In his 2010 New York Times column Paul Krugman, an American economist and Nobel Prize winner, made an observation about some of the differences between the rich and the poor when it comes to electoral politics:

“You see, the rich are different from you and me: they have more influence. It’s partly a matter of campaign contributions, but it’s also a matter of social pressure, since politicians spend a lot of time hanging out with the wealthy. So when the rich face the prospect of paying an extra 3 or 4 percent of their income in taxes, politicians feel their pain — feel it much more acutely, it’s clear, than they feel the pain of families who are losing their jobs, their houses, and their hopes.”

Many agree with Krugman's assessment. In his 2008 book Unequal Democracy: The Political Economy of the New Gilded Age,Larry Bartels, Vanderbilt University professor of political science, shows how elected officials respond to the views of their affluent constituents, but ignore the views of poor people. Specifically, Bartels found that Republican presidents produce much less income growth for middle-class and working-poor families than for affluent families, contributing to growing income inequality. Bartel argues that tax cuts for the wealthy combined with erosion of the minimum wage are examples of policies that created more income inequality.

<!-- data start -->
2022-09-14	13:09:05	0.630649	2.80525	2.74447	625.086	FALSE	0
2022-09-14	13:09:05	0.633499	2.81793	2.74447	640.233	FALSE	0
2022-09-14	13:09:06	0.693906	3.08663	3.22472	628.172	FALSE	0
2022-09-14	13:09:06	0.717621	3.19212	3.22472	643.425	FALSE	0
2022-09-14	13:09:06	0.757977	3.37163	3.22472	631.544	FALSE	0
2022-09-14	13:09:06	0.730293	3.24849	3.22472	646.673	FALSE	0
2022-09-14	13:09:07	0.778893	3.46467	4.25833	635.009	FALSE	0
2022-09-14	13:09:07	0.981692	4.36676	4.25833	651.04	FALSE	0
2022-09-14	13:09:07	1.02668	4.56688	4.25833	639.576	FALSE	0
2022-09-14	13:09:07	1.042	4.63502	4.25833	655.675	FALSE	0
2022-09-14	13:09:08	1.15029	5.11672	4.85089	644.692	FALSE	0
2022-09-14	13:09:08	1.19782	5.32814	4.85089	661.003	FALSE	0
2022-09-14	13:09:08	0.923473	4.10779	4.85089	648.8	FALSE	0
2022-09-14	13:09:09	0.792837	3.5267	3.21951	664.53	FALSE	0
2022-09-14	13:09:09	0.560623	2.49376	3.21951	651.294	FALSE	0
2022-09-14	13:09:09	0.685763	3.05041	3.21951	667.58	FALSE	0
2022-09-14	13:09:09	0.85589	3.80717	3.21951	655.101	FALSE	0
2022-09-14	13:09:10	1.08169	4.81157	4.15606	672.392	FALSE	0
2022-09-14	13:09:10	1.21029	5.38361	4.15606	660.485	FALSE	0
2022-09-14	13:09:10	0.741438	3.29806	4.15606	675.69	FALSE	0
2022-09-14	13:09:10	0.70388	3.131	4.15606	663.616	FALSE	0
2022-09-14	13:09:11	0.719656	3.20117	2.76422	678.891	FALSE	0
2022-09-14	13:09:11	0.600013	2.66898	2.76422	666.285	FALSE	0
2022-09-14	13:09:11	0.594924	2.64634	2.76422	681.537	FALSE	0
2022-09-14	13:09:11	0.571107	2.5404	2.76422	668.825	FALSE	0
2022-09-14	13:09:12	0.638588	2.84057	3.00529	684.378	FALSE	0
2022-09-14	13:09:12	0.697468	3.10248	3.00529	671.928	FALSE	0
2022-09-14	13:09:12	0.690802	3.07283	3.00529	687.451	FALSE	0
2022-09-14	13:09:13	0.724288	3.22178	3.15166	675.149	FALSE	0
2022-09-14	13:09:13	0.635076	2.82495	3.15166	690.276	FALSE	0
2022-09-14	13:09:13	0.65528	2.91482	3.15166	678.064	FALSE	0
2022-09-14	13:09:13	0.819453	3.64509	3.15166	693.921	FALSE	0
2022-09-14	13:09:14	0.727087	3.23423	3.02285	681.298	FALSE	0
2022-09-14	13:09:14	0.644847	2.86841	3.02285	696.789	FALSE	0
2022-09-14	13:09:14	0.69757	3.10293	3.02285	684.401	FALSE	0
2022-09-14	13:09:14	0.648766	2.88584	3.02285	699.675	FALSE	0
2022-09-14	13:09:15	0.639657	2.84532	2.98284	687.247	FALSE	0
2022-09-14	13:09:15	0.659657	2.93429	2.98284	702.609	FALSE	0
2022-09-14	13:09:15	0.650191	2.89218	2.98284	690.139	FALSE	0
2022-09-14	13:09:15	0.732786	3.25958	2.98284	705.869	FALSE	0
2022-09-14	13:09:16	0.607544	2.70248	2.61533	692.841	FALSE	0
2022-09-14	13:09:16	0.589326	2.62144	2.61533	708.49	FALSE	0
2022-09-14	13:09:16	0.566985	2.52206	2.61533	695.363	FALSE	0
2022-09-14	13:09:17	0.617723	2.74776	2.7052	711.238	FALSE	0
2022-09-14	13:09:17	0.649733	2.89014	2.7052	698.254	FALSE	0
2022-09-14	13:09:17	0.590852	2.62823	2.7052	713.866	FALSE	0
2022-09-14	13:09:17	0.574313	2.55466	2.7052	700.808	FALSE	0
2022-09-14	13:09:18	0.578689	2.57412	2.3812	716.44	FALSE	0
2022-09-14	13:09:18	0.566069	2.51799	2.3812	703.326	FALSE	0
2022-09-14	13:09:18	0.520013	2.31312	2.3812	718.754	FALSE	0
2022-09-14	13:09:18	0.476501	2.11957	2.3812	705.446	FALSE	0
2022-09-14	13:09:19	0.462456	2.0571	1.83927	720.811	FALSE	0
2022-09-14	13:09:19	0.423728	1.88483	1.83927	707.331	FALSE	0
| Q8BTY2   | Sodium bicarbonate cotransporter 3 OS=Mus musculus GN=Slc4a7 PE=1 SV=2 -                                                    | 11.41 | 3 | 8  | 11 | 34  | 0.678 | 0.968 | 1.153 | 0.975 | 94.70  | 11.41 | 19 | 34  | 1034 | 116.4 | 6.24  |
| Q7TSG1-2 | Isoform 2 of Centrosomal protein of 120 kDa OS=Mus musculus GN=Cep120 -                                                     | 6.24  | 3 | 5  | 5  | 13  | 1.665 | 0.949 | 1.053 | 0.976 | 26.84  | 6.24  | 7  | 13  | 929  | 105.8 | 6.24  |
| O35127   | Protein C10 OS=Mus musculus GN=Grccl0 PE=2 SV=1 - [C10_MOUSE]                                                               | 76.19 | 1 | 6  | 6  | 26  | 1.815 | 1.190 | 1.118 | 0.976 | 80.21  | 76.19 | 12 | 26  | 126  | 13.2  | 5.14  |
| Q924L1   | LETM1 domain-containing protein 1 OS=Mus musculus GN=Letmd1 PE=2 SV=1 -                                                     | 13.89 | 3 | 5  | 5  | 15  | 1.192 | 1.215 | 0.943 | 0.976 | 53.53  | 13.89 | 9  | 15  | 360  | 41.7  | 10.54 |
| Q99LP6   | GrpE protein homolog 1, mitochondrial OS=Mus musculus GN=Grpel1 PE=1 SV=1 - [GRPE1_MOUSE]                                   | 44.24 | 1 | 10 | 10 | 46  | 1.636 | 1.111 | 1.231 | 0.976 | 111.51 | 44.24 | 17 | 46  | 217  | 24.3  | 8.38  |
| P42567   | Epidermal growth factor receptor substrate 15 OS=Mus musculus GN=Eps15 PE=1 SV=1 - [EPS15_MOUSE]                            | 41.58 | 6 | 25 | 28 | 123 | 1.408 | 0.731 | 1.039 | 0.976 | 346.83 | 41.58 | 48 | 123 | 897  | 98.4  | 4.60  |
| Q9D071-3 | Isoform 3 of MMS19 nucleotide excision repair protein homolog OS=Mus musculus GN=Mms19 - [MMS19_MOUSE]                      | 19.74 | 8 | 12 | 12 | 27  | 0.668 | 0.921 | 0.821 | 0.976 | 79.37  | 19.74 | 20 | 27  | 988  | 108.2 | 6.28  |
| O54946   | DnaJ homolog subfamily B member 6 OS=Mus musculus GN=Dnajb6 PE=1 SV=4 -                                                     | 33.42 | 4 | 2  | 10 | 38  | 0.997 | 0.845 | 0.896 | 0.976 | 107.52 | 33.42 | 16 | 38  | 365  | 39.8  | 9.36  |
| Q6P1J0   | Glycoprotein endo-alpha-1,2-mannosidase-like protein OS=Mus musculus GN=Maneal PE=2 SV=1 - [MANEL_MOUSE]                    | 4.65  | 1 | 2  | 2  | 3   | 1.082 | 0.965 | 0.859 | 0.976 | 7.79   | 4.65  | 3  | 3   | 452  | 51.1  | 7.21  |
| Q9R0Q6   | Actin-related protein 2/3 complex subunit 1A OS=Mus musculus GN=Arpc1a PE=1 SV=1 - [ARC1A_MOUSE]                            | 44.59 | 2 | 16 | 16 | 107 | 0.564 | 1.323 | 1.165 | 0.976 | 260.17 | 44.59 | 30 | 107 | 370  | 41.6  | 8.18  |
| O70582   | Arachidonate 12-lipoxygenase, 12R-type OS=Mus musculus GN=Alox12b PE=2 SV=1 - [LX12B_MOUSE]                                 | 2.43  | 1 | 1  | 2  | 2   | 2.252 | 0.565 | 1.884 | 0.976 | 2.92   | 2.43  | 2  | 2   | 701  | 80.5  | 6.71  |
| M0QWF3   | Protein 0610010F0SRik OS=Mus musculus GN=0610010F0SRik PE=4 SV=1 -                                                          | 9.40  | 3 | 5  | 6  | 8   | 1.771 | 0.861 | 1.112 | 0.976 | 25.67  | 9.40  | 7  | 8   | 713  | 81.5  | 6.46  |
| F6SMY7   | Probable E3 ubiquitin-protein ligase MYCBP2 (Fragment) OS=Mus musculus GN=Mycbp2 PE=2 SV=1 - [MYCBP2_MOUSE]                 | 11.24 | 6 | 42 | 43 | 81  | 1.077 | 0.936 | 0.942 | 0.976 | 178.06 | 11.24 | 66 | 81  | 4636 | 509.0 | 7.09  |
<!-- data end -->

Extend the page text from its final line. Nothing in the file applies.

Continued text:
But a new study from Yale University provides evidence that Krugman and Bartels' have it all wrong. Authors of the study, Eric Brunner, Stephen L. Ross and Ebonya Washington, use data to show that less income does not mean less representation. Three specific findings emerged from their study.

1. The opinions of high- and low-income voters are highly correlated; the legislator’s vote often reflects the desire of both.

2. Differences in representation by income vary by a legislator's party affiliation. Republicans more often vote the will of higher income constituents over lower income constituents; Democratic legislators do the reverse.

3. Differences in representation by income are largely explained by the correlation between constituent income and party affiliation.